MIAMI, United States. – Former Polish President Lech Wałęsa participated this Tuesday in an evening at the “Steven J Green” Department of International and Public Affairs, at Florida International University (FIU).
Wałęsa, who is visiting Miami, on Monday asked Cubans inside and outside the island to continue the fight against the dictatorship.
During a meeting with the Transition Team of the Cuban Resistance Assembly in Brigade 2506, the former Polish president raised the need to seek new methods of struggle and not those that have failed. He also suggested taking advantage of public events, such as a baseball game, for a demonstration against the regime.
“One of the ways that communism has to win is to start fighting,” added the Nobel Peace Prize winner.
As reported by the local channel Telemundo 51in his exchange with Cuban exiles Wałęsa He said he felt confident in being able to participate “in a great march for victory against communism” on the island.
However, after placing a floral offering at the monument that pays tribute to the political prison in Cuba, in Little Havana, he added: “I am almost 80 years old, hurry up, do everything you can.”
Dr. Orlando Gutiérrez Boronat, coordinator of the Assembly of the Cuban Resistance, present at the meeting, recalled that Wałęsa he was an electrician who became president, and “who headed a union, which achieved change in his country through, precisely, the people, the national strike.”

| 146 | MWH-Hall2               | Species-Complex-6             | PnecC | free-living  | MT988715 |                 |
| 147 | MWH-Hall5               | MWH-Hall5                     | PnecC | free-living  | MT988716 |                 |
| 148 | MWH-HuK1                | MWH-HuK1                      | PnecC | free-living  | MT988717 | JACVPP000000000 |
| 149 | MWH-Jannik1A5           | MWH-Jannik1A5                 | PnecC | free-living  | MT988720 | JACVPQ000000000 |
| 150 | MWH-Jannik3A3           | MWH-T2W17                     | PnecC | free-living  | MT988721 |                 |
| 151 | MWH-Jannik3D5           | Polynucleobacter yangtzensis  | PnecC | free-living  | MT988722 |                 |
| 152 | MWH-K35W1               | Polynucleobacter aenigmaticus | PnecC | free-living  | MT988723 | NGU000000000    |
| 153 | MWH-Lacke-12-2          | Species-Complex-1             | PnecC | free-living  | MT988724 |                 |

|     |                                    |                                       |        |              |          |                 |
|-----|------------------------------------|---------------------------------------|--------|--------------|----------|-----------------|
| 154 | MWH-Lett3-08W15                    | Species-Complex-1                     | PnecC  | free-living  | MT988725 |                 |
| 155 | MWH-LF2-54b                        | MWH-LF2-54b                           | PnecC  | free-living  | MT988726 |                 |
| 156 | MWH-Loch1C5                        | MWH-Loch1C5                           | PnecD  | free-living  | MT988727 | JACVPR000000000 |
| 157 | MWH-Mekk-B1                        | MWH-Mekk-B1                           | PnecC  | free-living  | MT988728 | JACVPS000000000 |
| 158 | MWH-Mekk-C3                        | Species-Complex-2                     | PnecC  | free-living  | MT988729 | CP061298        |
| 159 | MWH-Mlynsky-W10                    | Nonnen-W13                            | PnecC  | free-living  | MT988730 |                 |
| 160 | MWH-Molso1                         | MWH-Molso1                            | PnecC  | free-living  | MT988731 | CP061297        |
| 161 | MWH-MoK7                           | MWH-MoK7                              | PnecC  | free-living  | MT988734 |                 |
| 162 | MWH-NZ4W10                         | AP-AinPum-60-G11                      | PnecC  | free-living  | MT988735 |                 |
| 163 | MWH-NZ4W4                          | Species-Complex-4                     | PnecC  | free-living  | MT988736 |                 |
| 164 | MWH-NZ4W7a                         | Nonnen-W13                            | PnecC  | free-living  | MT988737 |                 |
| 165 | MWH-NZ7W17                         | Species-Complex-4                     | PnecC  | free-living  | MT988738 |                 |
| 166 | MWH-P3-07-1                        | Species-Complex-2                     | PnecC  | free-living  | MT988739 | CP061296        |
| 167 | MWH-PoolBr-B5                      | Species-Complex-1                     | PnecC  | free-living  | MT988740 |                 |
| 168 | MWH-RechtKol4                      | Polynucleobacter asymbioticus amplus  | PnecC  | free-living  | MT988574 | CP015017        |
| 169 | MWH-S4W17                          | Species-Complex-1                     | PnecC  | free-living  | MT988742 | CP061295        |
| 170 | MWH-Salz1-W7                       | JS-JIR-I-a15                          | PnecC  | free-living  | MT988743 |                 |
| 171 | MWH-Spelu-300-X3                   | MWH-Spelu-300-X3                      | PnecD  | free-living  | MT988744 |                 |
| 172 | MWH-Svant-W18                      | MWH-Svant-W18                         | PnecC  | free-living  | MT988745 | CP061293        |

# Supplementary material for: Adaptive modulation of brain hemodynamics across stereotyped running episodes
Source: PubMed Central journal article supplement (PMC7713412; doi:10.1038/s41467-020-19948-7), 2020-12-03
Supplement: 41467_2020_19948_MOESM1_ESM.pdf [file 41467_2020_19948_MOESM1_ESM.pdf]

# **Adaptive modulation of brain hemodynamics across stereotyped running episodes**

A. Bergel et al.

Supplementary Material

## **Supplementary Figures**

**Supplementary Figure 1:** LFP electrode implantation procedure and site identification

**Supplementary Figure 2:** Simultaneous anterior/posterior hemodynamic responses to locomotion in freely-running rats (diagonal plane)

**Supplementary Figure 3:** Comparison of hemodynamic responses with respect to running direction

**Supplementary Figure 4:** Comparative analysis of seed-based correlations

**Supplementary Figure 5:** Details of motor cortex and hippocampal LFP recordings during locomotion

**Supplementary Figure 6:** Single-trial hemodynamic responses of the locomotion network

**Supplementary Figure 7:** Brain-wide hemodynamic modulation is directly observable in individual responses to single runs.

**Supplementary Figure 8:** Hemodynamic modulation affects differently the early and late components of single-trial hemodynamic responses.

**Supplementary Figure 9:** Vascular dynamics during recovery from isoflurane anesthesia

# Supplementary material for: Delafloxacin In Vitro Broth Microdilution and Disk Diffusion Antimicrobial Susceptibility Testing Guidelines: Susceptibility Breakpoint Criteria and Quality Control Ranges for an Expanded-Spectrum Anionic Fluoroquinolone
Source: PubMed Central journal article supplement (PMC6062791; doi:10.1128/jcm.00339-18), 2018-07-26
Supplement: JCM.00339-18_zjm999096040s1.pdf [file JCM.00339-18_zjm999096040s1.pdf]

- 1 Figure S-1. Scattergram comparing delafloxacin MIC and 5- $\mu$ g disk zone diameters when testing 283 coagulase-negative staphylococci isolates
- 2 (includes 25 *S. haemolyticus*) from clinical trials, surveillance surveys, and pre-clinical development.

“That’s Leche. Wałęsawho has come to sympathize with the people of Cuba, to stand by our side, with his 80 years, to fight for that change, and to tell Cubans wherever they are that change is possible”, Boronat stressed.
milk Wałęsa, who played a leading role in the fall of communism, was originally a shipyard electrician in the northern port city of Gdansk. However, he became a symbol of the historical changes that ended the Cold War, leading the Solidarity trade union movement that led to a free market economy system in 1989.
The first leader of post-communist Poland served as the country’s president from 1990 to 1995. He has been a staunch critic of Poland’s ruling nationalists, Law and Justice (PiS), who in turn have been deeply critical of the transition from communism to a free market economy that led Wałęsa.
(News under construction)
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